Caring for someone with a terminal illness or near the end of their life is both physically and emotionally draining.
It’s something that we will all likely have to do at some point in our lives, whether it is for a family member or a friend.
Recently-published research by the University of Edinburgh, NHS Lothian, Voices of Carers Across Lothian and Marie Curie Cancer Care highlighted that more needs to be done to ensure that carers have access to support services and vital benefits.
The Scottish Government is currently consulting on new carers legislation and it is crucial that the Government’s proposals reflect the needs of this specific care group.
Carers of terminally ill people are commonly overwhelmed by the all-encompassing demands of their caring role which increases with the progression of the illness.
When a person is caring for someone every hour of every day, it places an enormous strain on their health, work commitments and general wellbeing.
Ultimately, if the carer is not getting the support they need, how can we expect the cared-for person to be receiving the best possible care?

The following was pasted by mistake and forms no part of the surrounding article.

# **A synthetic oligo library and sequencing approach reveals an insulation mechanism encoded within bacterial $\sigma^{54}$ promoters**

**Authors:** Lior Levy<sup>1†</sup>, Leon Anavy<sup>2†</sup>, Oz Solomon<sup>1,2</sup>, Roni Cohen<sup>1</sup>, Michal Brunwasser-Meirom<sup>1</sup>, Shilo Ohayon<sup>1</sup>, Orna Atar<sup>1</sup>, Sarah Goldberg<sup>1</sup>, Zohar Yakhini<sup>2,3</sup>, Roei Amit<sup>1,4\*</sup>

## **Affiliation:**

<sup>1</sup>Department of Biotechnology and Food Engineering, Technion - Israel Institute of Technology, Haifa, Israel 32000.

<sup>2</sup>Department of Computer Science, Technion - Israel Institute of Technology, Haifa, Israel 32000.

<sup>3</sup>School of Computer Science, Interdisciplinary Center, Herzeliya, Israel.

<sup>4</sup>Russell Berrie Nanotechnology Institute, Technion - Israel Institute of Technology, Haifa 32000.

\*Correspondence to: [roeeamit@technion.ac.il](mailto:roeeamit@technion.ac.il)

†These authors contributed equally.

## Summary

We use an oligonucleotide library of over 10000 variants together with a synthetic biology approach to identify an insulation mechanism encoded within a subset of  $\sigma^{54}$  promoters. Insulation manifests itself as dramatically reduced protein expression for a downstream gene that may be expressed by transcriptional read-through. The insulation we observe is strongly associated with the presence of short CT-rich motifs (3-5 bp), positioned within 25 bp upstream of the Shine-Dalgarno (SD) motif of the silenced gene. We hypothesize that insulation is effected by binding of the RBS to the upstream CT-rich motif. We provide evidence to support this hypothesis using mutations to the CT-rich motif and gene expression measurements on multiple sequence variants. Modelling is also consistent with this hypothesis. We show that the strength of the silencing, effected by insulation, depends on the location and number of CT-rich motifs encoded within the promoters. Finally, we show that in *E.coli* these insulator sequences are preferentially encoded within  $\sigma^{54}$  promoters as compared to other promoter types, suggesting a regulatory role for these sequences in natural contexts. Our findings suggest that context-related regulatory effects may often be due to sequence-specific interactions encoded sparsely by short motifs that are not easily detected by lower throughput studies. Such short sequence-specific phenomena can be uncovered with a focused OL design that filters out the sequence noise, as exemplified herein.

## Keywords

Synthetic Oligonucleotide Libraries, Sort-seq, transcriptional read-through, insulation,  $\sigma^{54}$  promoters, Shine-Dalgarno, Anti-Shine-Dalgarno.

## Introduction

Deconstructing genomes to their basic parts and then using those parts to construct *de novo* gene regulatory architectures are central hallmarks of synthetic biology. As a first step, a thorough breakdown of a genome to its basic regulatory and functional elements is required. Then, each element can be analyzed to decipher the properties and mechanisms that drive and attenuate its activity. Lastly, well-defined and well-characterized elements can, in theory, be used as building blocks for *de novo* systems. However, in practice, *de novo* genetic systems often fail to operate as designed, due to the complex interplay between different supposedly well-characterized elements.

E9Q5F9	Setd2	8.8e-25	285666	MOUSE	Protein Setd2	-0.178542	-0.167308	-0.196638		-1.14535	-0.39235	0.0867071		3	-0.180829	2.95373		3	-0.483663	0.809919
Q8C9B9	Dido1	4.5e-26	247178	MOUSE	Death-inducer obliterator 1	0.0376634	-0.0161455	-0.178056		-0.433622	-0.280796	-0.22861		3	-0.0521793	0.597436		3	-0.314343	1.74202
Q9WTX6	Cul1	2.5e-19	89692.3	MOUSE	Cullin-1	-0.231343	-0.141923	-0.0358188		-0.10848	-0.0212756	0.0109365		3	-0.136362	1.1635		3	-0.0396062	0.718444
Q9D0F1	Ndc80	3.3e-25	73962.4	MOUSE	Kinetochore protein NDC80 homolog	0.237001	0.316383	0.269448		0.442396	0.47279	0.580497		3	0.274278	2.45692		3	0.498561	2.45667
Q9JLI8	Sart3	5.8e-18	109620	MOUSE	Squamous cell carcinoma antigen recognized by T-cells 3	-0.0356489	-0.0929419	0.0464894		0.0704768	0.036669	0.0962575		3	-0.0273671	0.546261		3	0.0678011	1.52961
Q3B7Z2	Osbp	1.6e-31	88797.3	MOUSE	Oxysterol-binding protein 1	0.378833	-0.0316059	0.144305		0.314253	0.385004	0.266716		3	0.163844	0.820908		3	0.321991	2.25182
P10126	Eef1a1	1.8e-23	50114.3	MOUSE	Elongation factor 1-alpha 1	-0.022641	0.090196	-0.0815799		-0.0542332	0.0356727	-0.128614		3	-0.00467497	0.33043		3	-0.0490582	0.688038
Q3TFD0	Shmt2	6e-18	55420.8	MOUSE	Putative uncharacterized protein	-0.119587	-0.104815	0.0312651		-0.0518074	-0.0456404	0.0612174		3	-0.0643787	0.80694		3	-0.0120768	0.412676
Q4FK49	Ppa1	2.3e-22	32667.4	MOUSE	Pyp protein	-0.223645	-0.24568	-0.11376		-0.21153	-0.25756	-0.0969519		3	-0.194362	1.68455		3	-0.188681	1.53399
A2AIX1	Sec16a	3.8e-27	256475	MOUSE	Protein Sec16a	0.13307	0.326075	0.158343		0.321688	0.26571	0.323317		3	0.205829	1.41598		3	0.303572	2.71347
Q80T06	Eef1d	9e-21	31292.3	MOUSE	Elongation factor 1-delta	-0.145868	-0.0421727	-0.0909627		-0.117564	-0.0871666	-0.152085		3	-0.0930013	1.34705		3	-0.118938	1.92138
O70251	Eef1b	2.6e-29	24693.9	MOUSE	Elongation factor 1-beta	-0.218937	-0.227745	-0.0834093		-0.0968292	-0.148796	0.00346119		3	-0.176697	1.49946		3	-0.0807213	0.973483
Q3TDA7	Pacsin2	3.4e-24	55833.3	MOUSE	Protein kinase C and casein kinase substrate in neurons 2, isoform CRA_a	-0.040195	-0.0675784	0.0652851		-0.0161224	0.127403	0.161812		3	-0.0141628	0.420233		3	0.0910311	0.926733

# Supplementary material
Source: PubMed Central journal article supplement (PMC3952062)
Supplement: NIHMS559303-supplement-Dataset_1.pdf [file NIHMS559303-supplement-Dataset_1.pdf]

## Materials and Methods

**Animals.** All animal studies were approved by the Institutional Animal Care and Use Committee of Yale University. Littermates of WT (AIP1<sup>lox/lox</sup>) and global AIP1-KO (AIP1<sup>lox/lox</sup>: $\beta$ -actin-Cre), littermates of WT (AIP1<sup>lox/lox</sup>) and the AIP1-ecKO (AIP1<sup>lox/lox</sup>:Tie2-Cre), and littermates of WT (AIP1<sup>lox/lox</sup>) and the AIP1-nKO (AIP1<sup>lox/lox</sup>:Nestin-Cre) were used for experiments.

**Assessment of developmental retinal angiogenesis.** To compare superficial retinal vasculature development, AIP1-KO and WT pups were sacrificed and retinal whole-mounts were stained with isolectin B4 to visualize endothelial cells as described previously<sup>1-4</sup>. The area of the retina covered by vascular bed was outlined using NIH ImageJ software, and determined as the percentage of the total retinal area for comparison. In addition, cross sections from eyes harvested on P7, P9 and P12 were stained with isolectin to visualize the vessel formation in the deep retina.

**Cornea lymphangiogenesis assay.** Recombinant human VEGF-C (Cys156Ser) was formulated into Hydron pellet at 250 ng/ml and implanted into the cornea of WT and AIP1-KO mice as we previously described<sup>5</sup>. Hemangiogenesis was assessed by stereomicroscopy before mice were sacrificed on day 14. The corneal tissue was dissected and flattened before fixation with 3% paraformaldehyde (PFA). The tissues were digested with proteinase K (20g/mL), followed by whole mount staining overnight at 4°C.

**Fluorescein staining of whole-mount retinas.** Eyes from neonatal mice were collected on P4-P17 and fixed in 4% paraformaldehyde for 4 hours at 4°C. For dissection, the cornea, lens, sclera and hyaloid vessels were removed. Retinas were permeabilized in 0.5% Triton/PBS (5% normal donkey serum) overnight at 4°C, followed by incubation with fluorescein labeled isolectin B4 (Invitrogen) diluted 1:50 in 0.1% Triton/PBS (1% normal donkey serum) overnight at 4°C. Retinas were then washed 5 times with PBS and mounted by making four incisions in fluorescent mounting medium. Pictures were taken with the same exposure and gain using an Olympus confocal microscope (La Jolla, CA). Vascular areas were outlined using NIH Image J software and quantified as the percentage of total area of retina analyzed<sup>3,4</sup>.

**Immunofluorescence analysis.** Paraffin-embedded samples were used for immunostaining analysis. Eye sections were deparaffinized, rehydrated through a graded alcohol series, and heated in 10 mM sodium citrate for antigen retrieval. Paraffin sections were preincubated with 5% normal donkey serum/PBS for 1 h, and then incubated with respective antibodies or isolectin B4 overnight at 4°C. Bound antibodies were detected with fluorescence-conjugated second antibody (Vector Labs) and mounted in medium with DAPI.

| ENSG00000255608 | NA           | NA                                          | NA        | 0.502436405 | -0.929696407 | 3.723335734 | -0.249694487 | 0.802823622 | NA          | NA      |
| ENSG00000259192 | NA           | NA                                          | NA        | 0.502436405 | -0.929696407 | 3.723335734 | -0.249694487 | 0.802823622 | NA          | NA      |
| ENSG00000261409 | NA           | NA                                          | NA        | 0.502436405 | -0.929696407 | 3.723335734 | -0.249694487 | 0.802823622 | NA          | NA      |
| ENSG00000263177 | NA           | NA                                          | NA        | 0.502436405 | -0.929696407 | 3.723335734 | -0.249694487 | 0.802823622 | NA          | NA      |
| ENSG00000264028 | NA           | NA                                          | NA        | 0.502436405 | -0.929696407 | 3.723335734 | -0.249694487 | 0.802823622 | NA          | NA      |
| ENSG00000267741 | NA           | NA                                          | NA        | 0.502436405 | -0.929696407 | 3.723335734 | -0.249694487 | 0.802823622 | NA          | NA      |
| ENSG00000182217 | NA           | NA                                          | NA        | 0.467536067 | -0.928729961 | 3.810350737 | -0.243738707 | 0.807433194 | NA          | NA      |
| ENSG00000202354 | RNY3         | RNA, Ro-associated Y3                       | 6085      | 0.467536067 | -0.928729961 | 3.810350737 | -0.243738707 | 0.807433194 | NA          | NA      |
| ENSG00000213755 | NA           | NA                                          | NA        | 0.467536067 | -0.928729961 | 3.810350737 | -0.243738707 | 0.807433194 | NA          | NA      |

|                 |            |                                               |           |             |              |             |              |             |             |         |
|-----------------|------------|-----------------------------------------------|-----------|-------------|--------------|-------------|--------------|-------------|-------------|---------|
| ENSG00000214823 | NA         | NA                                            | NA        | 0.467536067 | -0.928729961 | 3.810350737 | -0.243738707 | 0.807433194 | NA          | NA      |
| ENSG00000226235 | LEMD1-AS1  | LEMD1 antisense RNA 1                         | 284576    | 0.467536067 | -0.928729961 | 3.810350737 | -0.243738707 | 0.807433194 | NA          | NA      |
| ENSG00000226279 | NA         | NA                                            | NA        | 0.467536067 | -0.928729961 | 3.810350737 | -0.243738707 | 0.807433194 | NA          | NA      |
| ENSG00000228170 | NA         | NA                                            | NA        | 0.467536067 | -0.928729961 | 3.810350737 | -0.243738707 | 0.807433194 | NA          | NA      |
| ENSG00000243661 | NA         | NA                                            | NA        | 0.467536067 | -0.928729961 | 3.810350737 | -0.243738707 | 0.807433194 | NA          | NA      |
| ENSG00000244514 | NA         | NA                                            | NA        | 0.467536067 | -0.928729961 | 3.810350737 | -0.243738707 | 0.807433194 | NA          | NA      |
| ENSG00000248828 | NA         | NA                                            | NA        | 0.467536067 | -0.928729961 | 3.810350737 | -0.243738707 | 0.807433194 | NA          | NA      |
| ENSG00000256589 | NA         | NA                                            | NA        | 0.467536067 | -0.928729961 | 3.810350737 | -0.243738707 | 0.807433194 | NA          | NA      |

It greatly increases the chance of the ill person being admitted to hospital where they may need to stay for a considerable length of time. It can become impossible to discharge them back home and lead to them dying in hospital.
Most people, when asked, would much prefer to be cared for and die at home. It’s also much more cost effective to provide care at home than in a hospital.
By ensuring that the wellbeing of the carer is at the heart of the patient’s care package, it greatly increases the chances of them remaining at home for as long as possible and dying there if that is their wish.
Our GP surgeries are the best place to identify carers of those with a terminal illness and GPs and nurses must be supported to do so.
Yet we also need to ask carers to empower themselves to stand up and be counted.
We can be doing so much more to support carers of the terminally ill.
We just need to know who they are.
• Richard Meade is head of policy and public affairs in Scotland for Marie Curie Cancer Care